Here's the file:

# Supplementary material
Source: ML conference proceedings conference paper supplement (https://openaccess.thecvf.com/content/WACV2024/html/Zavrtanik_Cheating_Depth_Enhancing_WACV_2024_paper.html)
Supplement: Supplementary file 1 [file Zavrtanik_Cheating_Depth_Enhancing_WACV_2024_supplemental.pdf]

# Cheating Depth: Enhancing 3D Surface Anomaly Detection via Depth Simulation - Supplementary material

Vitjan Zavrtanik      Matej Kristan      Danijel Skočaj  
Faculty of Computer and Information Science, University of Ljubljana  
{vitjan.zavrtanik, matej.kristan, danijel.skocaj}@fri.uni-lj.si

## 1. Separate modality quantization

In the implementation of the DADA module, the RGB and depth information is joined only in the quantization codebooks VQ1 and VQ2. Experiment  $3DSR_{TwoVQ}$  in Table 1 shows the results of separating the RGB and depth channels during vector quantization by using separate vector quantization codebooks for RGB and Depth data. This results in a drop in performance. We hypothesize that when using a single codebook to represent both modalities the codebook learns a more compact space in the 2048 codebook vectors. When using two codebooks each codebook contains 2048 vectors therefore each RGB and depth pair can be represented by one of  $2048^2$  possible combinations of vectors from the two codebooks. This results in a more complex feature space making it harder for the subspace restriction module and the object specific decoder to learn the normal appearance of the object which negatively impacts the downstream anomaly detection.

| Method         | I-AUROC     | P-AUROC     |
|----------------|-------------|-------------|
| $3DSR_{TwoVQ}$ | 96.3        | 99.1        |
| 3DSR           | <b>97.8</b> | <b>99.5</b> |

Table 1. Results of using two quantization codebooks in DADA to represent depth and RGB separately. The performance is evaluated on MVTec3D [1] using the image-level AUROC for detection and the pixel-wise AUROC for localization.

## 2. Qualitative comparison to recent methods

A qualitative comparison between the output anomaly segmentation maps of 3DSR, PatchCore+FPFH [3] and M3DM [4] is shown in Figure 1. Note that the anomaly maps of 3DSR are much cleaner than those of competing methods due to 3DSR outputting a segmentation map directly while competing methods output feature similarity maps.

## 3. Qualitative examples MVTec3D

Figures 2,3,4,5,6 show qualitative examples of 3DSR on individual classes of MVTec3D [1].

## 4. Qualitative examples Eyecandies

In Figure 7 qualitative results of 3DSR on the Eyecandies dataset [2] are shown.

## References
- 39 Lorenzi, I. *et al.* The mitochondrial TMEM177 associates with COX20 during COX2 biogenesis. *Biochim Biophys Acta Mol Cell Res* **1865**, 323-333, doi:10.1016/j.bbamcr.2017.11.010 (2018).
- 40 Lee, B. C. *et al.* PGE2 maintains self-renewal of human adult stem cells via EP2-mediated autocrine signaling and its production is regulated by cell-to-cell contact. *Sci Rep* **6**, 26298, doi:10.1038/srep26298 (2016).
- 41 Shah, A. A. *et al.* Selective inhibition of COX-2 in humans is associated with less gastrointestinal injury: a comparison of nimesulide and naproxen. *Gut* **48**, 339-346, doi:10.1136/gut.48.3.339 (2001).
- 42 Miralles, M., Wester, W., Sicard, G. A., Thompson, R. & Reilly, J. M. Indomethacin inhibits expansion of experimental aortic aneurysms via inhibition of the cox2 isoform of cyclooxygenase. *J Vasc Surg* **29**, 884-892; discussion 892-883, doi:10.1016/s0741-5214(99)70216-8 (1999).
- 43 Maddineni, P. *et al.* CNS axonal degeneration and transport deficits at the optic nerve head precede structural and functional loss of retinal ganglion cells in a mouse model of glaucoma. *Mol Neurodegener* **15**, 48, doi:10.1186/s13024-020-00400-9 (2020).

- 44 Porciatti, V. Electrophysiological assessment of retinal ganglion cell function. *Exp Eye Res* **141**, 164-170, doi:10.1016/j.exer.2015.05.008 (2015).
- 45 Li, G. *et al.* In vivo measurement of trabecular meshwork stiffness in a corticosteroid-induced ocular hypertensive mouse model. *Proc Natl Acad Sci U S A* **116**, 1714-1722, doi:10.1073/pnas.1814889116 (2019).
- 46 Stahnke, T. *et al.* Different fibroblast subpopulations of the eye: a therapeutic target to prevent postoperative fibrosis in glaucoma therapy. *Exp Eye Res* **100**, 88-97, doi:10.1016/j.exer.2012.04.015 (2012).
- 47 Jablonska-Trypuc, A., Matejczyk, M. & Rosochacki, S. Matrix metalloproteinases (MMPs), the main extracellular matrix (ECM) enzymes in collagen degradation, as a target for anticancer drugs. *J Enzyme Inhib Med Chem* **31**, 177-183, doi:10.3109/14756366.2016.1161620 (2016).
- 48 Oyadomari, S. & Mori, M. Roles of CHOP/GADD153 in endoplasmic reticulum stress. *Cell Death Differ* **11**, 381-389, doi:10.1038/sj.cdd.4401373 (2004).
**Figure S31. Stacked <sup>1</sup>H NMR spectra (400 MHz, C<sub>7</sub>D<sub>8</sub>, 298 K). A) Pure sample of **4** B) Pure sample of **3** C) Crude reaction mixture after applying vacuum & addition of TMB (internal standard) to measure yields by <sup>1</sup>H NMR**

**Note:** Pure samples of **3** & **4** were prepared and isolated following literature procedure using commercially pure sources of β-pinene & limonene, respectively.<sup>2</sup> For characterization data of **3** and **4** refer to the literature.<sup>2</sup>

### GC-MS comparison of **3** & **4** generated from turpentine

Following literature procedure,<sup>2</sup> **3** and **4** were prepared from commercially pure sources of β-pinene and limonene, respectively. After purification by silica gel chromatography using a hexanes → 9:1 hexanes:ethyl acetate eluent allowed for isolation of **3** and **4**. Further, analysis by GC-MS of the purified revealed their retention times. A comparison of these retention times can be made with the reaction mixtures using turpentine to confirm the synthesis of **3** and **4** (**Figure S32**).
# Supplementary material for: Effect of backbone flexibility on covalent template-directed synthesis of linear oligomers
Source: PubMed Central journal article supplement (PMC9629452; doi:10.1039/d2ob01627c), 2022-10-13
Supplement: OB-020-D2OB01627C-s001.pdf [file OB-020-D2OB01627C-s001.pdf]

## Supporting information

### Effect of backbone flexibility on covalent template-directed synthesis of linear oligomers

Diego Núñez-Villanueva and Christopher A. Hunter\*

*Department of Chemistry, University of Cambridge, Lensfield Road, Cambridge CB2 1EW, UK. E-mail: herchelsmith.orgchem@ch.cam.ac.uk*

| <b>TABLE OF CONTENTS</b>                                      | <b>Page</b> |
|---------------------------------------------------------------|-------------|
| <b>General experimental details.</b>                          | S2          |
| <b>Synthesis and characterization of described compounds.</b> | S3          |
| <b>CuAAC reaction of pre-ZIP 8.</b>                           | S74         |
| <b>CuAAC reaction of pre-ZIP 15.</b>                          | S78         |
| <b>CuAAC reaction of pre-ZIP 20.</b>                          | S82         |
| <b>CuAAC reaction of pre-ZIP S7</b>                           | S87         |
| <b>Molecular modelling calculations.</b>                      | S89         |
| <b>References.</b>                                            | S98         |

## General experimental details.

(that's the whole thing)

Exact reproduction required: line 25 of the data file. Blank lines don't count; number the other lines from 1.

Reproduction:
- 42 Miralles, M., Wester, W., Sicard, G. A., Thompson, R. & Reilly, J. M. Indomethacin inhibits expansion of experimental aortic aneurysms via inhibition of the cox2 isoform of cyclooxygenase. *J Vasc Surg* **29**, 884-892; discussion 892-883, doi:10.1016/s0741-5214(99)70216-8 (1999).